IOJR. – It is really, really hard to envision another way of life for yourself when you come from a story of poverty or marginalization. Going on 10 years into our work, we’ve been able to share so many success stories from former students that make people think, “Hey, that could be my life too.” In the early days especially, it was about meeting people where they were and showing that we were serious about giving them what they needed to succeed. Having a company and classes that are led by people who are from their cities, who know exactly what their challenges and hopes and dreams are, is exactly what people need to see to feel like this belongs to them too. By creating a place of exposure, they understand that it exists; by having representation of people that look like them doing the work, they begin to believe that a career in tech is possible. Most importantly though, we create a welcoming environment that is inclusive, making them feel like they belong.
RSM – What do you feel is the importance of bringing visibility to your story and other stories like it?
IOJR. – For a long time, the tech industry has felt like this elusive and elitist industry that historically excluded people like me. While there is much work left to be done, part of the problem that still exists is getting people to believe that this can be a path for them as well. Sharing my story and the stories of those who come from different walks of life is extremely important in the work that we do today. See, we can’t wait for the things that were accidental in my life to happen to someone else. We need to be intentional and bring people to the table. The tech industry offers jobs that are transformative — it was in my life, and I know it can be in the lives of some of the most vulnerable nationwide.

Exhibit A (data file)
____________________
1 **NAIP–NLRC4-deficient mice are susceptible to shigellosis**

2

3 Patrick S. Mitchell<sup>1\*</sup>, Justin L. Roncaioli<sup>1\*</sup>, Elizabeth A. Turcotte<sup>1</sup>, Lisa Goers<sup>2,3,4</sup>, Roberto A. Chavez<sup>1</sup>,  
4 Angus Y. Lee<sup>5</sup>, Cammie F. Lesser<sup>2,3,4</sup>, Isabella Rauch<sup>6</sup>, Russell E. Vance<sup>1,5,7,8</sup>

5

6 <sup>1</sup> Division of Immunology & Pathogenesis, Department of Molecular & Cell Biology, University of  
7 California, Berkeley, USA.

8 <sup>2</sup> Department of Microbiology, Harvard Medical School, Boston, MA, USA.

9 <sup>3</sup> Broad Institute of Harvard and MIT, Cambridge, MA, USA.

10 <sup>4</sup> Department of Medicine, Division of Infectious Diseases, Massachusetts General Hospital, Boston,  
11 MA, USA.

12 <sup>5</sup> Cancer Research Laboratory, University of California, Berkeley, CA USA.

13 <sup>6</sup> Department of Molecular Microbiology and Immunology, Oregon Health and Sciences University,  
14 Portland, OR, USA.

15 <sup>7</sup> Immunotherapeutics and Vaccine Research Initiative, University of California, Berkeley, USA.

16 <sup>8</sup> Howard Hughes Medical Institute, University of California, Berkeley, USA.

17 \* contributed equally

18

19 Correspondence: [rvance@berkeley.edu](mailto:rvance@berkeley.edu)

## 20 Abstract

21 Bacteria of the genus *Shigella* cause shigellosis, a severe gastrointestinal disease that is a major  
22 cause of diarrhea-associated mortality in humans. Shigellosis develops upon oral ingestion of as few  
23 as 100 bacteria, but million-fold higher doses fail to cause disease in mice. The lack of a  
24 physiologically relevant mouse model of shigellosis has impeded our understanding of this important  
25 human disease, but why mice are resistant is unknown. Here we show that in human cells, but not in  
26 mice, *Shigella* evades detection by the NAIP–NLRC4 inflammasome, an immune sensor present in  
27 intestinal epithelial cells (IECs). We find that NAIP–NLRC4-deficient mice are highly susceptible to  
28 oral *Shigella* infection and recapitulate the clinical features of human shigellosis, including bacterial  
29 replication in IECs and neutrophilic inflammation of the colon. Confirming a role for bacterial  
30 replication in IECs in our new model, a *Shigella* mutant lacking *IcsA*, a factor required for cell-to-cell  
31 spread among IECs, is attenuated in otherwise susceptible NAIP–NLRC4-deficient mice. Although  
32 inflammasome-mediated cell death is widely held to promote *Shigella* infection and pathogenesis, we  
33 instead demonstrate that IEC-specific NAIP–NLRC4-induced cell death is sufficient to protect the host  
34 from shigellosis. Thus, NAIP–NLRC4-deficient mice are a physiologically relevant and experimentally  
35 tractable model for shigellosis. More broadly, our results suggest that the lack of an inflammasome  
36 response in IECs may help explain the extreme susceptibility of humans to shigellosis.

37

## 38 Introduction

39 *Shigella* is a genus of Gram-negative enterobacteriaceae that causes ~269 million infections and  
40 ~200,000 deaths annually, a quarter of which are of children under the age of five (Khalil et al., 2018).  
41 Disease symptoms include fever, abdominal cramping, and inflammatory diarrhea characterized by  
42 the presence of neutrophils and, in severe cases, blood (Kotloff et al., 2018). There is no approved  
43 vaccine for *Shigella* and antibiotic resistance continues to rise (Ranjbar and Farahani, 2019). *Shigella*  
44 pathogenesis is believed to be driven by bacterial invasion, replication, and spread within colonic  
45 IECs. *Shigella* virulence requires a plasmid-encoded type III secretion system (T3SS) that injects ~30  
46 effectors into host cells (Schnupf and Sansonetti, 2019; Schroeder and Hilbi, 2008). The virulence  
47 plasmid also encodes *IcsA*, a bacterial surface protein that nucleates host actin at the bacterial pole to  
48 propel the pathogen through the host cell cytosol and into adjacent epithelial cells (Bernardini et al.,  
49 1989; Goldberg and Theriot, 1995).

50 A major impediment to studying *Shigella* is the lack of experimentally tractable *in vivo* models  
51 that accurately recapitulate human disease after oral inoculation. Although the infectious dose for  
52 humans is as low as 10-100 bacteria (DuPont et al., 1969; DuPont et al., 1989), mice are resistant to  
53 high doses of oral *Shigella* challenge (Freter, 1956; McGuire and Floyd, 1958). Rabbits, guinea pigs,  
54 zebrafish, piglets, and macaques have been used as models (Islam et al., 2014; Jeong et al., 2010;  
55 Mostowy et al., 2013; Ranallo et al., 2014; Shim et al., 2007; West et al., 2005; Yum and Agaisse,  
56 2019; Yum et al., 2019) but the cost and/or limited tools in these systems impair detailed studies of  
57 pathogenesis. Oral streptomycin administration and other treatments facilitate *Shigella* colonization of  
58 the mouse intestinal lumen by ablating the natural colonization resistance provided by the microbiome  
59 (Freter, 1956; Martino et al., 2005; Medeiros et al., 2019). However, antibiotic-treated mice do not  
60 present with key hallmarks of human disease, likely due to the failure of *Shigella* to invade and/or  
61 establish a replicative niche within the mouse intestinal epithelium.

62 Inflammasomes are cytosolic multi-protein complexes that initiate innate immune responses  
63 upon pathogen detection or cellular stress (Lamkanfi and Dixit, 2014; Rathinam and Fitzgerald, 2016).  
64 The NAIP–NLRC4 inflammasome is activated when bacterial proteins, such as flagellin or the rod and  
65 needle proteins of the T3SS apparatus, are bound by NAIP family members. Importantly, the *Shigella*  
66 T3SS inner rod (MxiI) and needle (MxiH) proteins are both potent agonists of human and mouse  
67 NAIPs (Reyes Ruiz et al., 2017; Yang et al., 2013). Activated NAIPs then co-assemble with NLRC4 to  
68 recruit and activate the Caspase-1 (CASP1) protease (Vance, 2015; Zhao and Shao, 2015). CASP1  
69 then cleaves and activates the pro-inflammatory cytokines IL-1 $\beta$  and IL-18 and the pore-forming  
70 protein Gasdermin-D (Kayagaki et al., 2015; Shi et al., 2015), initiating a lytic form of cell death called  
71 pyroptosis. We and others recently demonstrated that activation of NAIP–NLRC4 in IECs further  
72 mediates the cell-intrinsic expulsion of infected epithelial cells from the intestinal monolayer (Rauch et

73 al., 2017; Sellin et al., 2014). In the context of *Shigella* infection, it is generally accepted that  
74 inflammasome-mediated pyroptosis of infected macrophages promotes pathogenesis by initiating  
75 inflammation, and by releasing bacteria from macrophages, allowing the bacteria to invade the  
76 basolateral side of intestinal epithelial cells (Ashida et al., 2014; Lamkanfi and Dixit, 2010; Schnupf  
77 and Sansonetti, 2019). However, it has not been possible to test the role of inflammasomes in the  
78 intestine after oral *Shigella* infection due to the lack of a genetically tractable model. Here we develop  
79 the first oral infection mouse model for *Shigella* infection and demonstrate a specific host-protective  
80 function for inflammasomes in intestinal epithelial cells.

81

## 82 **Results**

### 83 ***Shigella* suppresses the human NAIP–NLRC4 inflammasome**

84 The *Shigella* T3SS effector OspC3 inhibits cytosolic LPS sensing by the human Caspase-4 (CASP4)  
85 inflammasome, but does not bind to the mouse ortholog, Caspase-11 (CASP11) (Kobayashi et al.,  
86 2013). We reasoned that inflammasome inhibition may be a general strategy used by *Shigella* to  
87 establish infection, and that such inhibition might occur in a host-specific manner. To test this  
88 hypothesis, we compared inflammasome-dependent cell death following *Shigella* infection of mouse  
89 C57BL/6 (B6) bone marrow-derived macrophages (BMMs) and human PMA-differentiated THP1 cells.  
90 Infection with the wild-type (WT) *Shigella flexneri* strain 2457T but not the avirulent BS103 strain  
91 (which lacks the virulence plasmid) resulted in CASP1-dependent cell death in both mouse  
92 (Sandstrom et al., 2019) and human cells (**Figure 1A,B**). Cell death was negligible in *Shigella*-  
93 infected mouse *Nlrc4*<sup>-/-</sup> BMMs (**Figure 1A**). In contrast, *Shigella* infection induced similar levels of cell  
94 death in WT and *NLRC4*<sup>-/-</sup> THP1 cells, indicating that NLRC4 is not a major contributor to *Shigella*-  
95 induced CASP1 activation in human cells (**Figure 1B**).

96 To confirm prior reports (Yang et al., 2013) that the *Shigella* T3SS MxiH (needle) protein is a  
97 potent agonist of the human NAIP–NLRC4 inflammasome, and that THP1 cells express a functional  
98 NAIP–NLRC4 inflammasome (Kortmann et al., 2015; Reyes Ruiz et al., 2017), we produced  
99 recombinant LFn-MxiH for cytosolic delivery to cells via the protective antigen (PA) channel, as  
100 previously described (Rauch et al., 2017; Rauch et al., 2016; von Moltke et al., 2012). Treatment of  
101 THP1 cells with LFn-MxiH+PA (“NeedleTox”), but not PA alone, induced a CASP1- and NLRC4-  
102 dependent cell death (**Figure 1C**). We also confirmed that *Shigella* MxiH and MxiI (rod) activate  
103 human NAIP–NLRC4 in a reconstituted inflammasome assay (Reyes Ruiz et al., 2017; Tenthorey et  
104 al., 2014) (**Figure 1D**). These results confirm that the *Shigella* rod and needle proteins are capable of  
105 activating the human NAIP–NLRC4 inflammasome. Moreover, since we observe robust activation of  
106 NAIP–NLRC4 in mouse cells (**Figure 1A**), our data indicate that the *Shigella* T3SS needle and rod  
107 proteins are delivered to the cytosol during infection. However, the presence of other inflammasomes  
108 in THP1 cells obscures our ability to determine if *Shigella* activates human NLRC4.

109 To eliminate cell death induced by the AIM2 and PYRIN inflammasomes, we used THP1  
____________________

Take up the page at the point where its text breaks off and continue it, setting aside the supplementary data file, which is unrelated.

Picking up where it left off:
Irma Olguin Jr. on Career Growth and Representation
RSM – If you could suggest one action that organizations can take to accelerate the representation of women at the top, what would it be?
IOJR. – Hire and promote people for their potential. Women — really, all marginalized groups — get less opportunities to “prove” their value than their straight, white, male peers. And when you hire based on proven experience, you are leaving a lot of talented and worthy people behind because they aren’t given the same opportunities. If someone has drive, intelligence, and has shown grit, they are going to be a more innovative problem solver/larger asset based solely on their potential.
RSM – If you could suggest one action that women could take to accelerate their career growth, what would it be?
IOJR. – Don’t self-select out of situations that aren’t built for you. It can be really hard to enter spaces and work environments that were intentionally designed to keep you out. Don’t let that stop you. If you can find a place that welcomes you, that’s ideal. But, if you are curious about learning a new skill and the institutions designed to teach you are unwelcoming, refuse to leave. If you can fill a seat, your visibility will inspire other women, and soon you can create an inclusive space while advancing your skill set.
You can follow Irma Olguin Jr. and Bitwise Industries on social:
Irma’s Instagram: @irmaolguinjr
Irma’s Facebook: @irma.olguin.jr
Irma’s LinkedInBitwise Twitter: @BitwiseInd
Bitwise Instagram: @bitwiseindustries
Bitwise Facebook: @BitwiseInd